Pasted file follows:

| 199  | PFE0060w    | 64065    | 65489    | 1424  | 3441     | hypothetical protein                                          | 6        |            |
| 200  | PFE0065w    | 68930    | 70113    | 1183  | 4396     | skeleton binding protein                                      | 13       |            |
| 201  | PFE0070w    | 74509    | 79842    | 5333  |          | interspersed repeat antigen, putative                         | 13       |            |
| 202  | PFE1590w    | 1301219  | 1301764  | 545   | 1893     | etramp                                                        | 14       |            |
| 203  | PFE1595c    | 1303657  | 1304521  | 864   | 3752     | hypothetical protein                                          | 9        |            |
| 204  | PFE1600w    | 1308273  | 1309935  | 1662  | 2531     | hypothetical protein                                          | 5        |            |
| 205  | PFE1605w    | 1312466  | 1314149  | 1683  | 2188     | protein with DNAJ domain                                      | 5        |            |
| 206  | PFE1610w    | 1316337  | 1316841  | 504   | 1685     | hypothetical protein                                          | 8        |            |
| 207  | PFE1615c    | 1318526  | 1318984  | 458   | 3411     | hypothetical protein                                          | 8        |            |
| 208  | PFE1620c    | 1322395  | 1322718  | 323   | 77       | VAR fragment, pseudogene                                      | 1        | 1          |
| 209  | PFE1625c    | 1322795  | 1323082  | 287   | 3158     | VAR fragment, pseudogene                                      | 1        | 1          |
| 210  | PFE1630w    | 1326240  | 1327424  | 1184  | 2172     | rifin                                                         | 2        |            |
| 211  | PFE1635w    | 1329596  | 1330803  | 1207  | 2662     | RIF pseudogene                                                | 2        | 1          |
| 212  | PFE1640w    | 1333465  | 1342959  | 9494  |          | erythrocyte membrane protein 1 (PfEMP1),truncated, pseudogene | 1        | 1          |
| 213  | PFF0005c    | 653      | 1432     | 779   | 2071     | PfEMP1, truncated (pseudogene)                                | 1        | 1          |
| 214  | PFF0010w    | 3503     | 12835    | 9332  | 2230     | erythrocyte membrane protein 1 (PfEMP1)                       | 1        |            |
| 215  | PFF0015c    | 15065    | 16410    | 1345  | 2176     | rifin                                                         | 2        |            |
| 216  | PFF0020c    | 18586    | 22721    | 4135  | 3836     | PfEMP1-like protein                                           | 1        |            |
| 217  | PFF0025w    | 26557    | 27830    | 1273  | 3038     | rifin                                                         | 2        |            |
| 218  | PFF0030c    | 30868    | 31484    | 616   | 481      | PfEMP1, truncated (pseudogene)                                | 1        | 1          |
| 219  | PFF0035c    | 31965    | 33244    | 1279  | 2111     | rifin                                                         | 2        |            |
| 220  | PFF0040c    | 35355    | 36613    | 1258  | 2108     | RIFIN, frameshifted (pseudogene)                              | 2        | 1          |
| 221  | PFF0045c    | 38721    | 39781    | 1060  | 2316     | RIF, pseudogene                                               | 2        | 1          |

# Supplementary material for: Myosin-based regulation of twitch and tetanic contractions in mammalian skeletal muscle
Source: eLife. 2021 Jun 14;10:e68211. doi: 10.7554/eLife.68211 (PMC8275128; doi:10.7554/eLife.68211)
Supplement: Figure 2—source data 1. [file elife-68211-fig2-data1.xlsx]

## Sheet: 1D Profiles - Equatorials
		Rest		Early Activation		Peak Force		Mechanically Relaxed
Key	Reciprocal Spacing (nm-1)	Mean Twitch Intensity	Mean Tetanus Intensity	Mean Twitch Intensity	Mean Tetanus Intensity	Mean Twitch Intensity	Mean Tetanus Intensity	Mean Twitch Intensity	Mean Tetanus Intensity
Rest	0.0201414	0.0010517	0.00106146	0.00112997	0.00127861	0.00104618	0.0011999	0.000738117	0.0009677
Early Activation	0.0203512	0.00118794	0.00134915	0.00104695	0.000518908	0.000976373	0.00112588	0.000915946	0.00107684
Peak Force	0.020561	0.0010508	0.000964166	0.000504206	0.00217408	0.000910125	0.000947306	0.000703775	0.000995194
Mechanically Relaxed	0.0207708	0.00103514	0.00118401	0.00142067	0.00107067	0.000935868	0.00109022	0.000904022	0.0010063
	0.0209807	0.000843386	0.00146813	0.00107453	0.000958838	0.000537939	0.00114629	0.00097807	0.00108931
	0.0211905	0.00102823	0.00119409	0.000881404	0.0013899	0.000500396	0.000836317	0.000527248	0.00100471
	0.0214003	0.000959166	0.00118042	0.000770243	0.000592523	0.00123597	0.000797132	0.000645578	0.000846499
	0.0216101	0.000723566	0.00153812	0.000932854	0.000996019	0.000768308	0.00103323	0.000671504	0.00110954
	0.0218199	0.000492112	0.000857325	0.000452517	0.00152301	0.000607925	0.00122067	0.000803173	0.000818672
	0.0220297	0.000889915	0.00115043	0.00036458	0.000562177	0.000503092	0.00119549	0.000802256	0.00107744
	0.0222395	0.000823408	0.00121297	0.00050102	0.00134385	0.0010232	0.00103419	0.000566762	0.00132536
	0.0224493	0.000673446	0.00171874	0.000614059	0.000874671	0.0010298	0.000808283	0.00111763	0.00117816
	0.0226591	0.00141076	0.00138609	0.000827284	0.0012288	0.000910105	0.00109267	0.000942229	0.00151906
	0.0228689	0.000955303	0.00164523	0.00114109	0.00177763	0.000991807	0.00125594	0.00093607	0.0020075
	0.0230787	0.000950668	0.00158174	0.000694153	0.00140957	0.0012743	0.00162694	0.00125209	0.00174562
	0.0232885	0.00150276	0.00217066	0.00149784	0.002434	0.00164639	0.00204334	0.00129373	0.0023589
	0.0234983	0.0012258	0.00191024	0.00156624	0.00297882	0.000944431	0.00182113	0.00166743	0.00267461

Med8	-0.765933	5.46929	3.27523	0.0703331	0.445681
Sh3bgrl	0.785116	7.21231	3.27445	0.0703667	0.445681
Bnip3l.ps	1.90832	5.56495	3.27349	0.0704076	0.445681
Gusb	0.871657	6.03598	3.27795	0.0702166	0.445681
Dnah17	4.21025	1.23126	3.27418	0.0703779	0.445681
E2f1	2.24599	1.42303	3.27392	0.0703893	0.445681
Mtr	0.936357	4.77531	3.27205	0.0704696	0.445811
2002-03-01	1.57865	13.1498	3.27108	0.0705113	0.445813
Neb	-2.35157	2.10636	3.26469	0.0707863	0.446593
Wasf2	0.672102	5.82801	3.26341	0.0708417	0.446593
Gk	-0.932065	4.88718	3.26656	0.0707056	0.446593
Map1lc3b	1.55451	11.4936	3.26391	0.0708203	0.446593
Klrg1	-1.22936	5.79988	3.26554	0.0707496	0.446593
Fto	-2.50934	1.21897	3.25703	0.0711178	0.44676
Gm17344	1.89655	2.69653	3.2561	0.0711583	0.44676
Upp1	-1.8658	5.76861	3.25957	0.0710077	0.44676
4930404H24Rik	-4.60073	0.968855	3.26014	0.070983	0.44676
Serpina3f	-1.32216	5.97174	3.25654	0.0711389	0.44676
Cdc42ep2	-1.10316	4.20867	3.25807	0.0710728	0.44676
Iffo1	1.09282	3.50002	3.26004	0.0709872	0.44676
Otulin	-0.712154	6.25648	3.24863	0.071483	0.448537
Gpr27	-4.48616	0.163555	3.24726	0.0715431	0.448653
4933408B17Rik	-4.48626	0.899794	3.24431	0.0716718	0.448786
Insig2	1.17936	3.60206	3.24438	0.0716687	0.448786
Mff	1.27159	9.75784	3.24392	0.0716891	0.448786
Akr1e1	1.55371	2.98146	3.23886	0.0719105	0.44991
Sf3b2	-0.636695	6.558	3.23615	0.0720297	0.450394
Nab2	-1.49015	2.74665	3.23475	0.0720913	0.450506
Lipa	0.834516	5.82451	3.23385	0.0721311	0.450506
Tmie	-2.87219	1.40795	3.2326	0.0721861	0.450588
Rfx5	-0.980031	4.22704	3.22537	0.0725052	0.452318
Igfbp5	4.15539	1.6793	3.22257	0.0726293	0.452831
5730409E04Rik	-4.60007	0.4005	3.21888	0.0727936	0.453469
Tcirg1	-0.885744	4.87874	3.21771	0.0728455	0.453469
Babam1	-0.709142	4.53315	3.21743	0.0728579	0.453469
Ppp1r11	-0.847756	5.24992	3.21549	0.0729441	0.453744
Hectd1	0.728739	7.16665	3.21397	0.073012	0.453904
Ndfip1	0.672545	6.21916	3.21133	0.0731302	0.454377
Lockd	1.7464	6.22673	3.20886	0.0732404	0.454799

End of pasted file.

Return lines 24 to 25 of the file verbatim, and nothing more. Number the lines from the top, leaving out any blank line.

# Supplementary material for: Myosin-based regulation of twitch and tetanic contractions in mammalian skeletal muscle
Source: eLife. 2021 Jun 14;10:e68211. doi: 10.7554/eLife.68211 (PMC8275128; doi:10.7554/eLife.68211)